The International Committee of the Red Cross and the National Red Cross and Red Crescent Societies have for some time been running a programme to help such families, called Restoring Family Links (Rétablissement des Liens familiaux), using the acronym RFL. They use a variety of documents, photographs and records in their effort to help refugees and migrants reconnect with or at least know what happened to their lost relatives.

At the end of last year, the French government relented a bit in its fierce protection of individuals' privacy (which has, as we have written before, imposed a closure of birth, marriage and death records for a significant period of time to protect the privacy of all persons mentioned in them) and passed a law allowing the nation's archives to grant RFL access to the closed archives for the purpose of reuniting families. This is explained in full on the LinkedIn page of Marie Ranquet, the curator of the Archives de France. A laudable bit of humanitarianism, we find.

We are contacted fairly regularly by people seeking to find missing family members. They tend not to be the refugees or migrants of today's disasters, but older people whose families were divided by earlier events and migrations. Where their searches have required access to more recent French records, we have been unable to help. This new legislation could provide some hope and possibly some success to those of you who have presented us with such quests. 

The RFL will help anyone whose family was separated by migrations and wars  -- including World War Two -- or crises or attendant bureaucratic cruelties. Try the RFL search, which is very simple and easy to use, and is in English, French and other languages, to begin the process. We wish you the best of luck.

©2017 Anne Morddel

French Genealogy


French Florida In the News

Floridian treasure
 

 

Last year, we wrote a small post about the maps of French Florida. The French settlements were such a small blip in the wide-screen extravaganza that is French history that they get little attention. The subject may be dear to the hearts of the rare Francophone Floridian, but to the rest of the world is unknown. News of treasure may change all of that, for a moment, at least. Cannon, a whole monument, and who knows what more have been discovered at the bottom of the sea in a shipwreck.  Is it La Trinité? Read about it on the Archaeology News Network here.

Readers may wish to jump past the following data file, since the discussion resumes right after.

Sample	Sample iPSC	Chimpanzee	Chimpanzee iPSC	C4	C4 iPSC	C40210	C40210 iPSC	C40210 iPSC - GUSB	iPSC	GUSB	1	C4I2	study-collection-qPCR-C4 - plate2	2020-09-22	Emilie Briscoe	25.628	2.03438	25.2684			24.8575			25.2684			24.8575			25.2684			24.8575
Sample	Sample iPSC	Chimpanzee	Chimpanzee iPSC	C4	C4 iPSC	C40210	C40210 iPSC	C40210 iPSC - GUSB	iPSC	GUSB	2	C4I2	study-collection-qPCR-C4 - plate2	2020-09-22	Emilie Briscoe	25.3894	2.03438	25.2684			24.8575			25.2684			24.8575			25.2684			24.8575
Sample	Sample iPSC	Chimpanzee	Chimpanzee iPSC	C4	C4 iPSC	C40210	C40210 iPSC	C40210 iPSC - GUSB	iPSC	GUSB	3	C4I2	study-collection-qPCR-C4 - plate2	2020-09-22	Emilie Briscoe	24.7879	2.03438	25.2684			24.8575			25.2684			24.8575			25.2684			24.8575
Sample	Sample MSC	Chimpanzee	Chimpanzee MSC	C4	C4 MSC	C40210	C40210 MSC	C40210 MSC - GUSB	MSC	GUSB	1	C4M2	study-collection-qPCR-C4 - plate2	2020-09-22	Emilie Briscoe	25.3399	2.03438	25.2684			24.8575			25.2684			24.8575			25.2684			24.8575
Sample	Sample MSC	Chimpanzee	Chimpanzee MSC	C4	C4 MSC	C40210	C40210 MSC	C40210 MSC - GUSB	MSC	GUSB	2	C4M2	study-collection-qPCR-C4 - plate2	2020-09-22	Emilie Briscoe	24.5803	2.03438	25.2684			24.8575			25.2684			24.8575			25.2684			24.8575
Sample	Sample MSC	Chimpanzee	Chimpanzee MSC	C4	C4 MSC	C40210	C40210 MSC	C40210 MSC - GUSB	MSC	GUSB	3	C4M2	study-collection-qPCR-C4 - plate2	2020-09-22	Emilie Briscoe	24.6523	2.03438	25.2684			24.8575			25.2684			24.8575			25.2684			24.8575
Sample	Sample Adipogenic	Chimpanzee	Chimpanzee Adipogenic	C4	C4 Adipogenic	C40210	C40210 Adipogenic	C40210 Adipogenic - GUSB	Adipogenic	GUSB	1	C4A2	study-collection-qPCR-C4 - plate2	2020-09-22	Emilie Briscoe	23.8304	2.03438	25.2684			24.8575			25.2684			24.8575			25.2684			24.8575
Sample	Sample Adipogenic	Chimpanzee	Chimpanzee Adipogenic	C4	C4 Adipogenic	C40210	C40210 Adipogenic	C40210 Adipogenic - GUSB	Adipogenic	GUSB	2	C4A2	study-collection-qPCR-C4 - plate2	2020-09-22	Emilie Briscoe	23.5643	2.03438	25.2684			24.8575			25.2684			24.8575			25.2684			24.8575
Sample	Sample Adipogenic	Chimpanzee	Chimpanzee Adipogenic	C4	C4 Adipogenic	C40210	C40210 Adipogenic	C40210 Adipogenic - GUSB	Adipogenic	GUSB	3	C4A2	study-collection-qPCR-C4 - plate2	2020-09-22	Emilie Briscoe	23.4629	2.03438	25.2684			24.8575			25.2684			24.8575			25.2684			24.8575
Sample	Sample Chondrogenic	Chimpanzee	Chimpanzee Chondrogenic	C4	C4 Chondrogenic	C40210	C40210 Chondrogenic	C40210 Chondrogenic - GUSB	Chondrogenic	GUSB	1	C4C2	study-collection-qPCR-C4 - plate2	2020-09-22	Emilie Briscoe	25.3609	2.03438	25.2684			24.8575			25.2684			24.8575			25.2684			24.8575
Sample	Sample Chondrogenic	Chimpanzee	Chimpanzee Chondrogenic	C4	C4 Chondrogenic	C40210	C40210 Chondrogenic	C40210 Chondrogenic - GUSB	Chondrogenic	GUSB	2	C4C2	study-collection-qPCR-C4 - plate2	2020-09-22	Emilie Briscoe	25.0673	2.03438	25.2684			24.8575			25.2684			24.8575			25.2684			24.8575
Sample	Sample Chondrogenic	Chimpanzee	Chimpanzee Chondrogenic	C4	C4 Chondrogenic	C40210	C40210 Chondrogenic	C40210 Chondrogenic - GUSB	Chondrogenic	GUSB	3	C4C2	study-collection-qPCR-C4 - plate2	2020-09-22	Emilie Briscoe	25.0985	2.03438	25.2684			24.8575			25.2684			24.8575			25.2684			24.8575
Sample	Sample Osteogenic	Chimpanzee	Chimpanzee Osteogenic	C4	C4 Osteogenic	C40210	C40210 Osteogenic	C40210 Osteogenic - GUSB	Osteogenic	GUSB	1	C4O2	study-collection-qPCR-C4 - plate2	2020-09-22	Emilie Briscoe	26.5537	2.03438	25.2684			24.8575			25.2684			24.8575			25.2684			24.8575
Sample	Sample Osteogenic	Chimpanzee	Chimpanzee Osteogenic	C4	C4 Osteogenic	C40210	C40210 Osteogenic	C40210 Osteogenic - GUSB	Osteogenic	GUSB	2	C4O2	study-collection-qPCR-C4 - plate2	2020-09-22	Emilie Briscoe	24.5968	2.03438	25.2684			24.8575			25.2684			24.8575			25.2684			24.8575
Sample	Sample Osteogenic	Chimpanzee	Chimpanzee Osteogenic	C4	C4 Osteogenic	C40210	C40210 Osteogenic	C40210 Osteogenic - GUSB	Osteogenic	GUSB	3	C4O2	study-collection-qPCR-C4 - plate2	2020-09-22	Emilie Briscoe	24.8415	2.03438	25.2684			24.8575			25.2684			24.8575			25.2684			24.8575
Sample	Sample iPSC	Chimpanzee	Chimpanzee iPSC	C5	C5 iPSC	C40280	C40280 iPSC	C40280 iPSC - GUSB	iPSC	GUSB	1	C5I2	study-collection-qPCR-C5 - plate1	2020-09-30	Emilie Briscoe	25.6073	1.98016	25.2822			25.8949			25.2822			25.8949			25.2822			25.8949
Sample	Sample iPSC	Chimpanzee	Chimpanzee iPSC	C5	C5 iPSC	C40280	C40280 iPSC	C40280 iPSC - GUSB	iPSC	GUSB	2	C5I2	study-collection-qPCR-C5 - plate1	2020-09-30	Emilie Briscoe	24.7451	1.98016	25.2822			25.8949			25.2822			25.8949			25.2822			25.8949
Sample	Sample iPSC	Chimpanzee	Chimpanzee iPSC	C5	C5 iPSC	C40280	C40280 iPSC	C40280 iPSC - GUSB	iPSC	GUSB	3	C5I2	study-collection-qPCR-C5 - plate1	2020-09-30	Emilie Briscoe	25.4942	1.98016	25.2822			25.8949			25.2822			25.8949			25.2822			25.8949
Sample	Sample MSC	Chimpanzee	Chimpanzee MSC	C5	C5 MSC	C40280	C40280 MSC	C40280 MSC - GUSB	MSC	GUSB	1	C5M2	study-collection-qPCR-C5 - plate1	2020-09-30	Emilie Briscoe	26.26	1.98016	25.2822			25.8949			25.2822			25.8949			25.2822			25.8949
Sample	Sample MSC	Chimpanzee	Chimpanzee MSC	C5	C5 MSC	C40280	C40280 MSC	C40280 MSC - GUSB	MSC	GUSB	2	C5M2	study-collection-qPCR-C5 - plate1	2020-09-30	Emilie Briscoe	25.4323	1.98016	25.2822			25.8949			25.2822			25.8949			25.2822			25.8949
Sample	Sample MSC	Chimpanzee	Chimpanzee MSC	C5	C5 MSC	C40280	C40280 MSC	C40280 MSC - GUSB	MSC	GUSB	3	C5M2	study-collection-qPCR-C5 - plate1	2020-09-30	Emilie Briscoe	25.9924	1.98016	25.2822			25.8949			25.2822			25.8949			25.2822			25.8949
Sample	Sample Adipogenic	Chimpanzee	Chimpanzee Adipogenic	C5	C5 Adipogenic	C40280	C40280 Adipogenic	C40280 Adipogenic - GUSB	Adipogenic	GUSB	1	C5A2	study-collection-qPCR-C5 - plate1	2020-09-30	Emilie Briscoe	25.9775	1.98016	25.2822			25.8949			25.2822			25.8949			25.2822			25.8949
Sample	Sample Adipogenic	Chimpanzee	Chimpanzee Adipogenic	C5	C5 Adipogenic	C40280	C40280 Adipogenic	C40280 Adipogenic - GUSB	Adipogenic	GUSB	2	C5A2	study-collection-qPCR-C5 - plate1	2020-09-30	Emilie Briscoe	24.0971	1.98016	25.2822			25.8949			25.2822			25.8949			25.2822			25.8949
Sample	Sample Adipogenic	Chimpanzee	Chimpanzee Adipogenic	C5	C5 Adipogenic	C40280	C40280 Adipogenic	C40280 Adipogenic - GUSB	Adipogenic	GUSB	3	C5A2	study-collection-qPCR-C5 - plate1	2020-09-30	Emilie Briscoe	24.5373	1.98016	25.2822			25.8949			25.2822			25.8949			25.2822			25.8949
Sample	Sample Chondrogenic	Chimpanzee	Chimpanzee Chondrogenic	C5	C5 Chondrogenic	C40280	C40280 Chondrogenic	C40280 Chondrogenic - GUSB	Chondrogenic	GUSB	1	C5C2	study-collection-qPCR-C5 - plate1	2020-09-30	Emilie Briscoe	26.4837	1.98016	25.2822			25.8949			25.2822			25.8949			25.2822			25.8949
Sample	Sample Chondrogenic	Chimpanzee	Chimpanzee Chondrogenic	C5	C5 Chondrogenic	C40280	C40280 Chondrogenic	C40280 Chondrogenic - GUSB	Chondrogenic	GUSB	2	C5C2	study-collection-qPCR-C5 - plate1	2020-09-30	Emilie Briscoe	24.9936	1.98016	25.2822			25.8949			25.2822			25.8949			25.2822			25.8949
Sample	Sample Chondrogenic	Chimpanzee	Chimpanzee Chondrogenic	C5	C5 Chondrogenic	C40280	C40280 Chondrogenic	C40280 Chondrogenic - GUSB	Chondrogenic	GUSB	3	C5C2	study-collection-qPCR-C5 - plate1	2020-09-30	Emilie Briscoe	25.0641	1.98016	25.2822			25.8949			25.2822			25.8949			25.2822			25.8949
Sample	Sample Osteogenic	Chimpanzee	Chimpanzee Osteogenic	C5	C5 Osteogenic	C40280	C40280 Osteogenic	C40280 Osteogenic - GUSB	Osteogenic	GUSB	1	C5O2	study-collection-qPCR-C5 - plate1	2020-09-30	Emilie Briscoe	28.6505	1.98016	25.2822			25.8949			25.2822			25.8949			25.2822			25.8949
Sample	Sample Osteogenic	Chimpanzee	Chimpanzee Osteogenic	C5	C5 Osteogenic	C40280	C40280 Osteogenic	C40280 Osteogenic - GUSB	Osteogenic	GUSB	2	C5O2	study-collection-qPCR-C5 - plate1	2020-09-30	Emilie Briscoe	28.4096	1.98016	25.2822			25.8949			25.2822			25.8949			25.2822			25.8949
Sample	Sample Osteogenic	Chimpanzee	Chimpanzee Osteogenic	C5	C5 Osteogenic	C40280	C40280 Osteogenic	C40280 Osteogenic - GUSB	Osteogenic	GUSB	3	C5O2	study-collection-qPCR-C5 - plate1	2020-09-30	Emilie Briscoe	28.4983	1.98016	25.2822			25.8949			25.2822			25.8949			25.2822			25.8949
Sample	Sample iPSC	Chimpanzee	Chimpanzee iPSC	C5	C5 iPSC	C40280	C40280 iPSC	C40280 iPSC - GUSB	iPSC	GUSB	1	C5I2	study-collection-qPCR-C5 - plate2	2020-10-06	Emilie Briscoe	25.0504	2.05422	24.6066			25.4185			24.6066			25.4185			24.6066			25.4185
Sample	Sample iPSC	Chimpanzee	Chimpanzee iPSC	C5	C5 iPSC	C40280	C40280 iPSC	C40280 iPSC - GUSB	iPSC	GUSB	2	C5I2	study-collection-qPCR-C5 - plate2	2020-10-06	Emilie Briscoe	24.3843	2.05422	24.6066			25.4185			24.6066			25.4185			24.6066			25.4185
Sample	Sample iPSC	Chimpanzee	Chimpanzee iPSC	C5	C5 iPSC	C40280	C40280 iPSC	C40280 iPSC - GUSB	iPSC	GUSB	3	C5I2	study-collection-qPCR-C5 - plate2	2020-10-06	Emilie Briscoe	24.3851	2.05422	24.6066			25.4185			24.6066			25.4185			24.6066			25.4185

Paris - 13 November 2015

French flag

We wish to thank all of you Dear Readers, who wrote to ask as to our safety after the dreadful attacks in Paris last week. We and our family are all well, as are our friends, but not their friends, some of whom are among the wounded. Like everyone else, we send our sympathies to the families of those who were killed.

Glibness comes easily for us, but we can find no words to express what we think and feel about this aggression and tragedy. We give here the words of our son, which come very close to what we feel.

Today I am French.

Although I did not learn the language until I was ten years old, my father was born in Normandy in 1943, two years and a stone’s throw from D-Day. Although I still speak it with the accent of an outsider, it is how I speak to half my family. To me it is, always has been, and always will be a language of love.

Today I am Parisian.

Although Paris is but one entry in the long list of cities in which I spent my childhood, it was in Paris that I witnessed 9/11. It was Parisians who, upon hearing my American English, approached me to tell me how deeply sorry they were for the suffering my country had endured. It was Parisians who stood in solidarity by my side when I, and the world, witnessed the dawning of the modern age of terrorism.

Today I am a witness.

Although I am a child of France and Paris, last night I watched from afar. I saw horror, and then I saw love. I saw liberty, equality, and brotherhood overtake fear within minutes. I saw a city still under attack literally throw open its doors to strangers, refusing even for a moment to cower in fear. I watched‪#‎PorteOuverte‬, and my heart sang in the midst of tragedy.

Today I am human.

Although I am angry, although the rage that shakes me so that I can barely type feels like a force of nature, I will not direct that anger at innocents. The refugees who seek sanctuary in Europe are fleeing exactly this violence in their own countries. They are the victims, not the perpetrators, of these attacks. They are us, and we are them, and we must protect that knowledge in the face of our own anger.

Although the personal connection I have to Paris gives these events an immediate resonance, they are one example of myriad tragedies in the world today. Whatever action they galvanise must be on behalf of all humanity. There is no ‪#‎PeaceforParis‬ without ‪#‎PeaceforAll‬

Today I am human, because we all are.
Today I am a witness, because we all are.
Today I am Parisian, because we all are.
Today I am French, because we all are.

Liberté, Égalité, Fraternité.

Toujours.